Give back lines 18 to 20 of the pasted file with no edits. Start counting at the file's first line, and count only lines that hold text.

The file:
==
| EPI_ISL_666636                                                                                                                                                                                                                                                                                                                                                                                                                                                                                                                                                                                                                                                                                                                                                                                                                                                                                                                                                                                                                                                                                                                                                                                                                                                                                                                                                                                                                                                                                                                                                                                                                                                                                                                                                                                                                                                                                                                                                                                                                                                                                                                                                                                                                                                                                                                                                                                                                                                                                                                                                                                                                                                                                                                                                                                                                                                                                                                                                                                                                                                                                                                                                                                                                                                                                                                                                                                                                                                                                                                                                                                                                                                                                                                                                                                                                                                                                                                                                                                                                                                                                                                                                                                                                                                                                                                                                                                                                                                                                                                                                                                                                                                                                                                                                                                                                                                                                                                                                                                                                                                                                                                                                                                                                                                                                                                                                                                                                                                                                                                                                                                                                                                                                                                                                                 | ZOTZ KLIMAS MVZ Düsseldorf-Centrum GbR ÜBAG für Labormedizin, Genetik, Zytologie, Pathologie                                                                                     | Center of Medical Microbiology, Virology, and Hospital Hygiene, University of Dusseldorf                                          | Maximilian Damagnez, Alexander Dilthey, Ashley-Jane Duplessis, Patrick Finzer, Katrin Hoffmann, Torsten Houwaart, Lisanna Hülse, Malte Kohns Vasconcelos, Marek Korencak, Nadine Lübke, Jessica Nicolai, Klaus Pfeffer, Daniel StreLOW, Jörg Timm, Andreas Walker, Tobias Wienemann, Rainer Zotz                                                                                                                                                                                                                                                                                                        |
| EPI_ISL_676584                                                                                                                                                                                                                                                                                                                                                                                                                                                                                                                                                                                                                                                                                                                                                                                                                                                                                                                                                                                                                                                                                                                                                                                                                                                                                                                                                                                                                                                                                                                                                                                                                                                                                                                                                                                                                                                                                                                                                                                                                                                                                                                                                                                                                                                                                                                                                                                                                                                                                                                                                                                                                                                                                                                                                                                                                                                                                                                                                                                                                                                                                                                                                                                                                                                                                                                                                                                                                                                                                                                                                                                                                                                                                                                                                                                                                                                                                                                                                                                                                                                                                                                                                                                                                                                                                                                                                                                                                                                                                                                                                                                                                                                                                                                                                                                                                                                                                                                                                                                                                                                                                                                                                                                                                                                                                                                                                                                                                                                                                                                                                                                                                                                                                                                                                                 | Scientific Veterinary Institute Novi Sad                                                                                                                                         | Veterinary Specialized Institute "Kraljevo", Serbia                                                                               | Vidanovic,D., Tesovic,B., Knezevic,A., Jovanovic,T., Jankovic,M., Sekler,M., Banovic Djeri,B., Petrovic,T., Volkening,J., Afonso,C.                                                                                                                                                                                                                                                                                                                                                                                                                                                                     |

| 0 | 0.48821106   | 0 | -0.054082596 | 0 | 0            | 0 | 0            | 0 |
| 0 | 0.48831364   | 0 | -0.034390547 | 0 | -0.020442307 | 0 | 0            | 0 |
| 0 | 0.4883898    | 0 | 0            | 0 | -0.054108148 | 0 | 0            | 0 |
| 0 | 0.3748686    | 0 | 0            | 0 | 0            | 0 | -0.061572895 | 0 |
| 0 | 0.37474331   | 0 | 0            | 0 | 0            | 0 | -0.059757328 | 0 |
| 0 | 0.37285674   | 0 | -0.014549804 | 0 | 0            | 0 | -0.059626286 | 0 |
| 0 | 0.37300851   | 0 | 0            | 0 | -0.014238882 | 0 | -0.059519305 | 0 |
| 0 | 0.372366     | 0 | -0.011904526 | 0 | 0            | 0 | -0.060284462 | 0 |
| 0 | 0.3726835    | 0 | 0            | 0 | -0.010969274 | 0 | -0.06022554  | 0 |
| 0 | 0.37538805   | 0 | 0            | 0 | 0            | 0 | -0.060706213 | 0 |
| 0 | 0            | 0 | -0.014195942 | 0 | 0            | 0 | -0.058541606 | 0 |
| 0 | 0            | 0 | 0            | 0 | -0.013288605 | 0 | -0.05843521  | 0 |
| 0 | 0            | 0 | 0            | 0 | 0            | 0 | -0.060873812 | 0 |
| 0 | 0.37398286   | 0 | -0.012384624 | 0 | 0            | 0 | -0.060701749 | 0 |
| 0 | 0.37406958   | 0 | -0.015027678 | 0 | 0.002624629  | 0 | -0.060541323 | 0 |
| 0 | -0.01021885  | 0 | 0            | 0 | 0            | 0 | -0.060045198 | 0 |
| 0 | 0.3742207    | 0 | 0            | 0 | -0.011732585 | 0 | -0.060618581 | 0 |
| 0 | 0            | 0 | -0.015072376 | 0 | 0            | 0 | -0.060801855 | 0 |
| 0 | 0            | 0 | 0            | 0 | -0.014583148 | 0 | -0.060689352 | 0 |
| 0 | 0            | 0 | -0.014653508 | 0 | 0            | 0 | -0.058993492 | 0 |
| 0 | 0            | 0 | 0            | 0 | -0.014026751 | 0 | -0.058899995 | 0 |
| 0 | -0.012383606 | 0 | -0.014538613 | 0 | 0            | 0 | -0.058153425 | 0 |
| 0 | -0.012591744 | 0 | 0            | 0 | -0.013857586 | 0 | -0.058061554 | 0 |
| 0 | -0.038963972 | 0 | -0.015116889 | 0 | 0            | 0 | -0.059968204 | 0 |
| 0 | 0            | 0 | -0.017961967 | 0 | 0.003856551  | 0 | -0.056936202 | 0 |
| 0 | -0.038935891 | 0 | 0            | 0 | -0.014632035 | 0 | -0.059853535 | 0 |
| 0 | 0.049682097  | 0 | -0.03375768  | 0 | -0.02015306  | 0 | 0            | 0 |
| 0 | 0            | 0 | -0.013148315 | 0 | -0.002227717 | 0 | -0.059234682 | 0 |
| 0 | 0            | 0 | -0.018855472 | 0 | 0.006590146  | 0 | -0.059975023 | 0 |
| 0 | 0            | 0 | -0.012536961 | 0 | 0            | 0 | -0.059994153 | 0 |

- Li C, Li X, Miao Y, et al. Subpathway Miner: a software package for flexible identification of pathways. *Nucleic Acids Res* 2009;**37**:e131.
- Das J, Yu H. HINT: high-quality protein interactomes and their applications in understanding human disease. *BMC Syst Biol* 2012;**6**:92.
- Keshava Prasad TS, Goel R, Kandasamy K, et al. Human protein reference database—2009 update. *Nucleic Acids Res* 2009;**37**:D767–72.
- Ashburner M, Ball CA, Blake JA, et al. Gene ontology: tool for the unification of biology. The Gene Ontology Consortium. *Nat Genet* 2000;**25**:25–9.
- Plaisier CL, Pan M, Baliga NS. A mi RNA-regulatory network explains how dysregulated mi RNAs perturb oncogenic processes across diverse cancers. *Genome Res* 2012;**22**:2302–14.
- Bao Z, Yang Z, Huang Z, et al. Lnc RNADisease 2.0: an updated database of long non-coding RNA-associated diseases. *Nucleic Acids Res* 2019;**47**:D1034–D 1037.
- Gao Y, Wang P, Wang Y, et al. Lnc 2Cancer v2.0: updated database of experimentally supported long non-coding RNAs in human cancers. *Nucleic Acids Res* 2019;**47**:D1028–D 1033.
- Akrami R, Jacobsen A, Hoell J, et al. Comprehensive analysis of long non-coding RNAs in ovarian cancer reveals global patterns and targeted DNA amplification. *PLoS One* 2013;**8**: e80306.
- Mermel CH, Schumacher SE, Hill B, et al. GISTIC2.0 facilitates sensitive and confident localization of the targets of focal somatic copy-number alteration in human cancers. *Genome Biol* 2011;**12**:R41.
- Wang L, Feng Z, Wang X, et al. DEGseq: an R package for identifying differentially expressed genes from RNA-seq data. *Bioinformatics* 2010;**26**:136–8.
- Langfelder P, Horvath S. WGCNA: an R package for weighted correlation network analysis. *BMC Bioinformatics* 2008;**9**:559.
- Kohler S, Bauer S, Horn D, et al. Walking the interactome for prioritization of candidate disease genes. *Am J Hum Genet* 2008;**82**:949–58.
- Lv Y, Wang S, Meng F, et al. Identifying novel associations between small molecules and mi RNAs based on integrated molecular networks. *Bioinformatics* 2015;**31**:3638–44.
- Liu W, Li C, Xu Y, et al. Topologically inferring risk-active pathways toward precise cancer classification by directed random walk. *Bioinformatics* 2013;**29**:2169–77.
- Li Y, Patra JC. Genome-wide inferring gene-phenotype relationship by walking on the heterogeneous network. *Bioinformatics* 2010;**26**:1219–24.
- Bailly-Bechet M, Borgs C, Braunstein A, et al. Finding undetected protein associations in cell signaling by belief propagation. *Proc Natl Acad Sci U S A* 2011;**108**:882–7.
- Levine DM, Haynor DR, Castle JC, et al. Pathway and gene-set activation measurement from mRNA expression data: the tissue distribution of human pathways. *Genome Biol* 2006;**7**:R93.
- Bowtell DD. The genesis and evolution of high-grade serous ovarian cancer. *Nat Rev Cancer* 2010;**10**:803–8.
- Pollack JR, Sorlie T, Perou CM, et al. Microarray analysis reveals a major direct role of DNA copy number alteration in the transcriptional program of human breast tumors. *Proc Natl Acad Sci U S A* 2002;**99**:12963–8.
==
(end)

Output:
| 0 | -0.01021885  | 0 | 0            | 0 | 0            | 0 | -0.060045198 | 0 |
| 0 | 0.3742207    | 0 | 0            | 0 | -0.011732585 | 0 | -0.060618581 | 0 |
| 0 | 0            | 0 | -0.015072376 | 0 | 0            | 0 | -0.060801855 | 0 |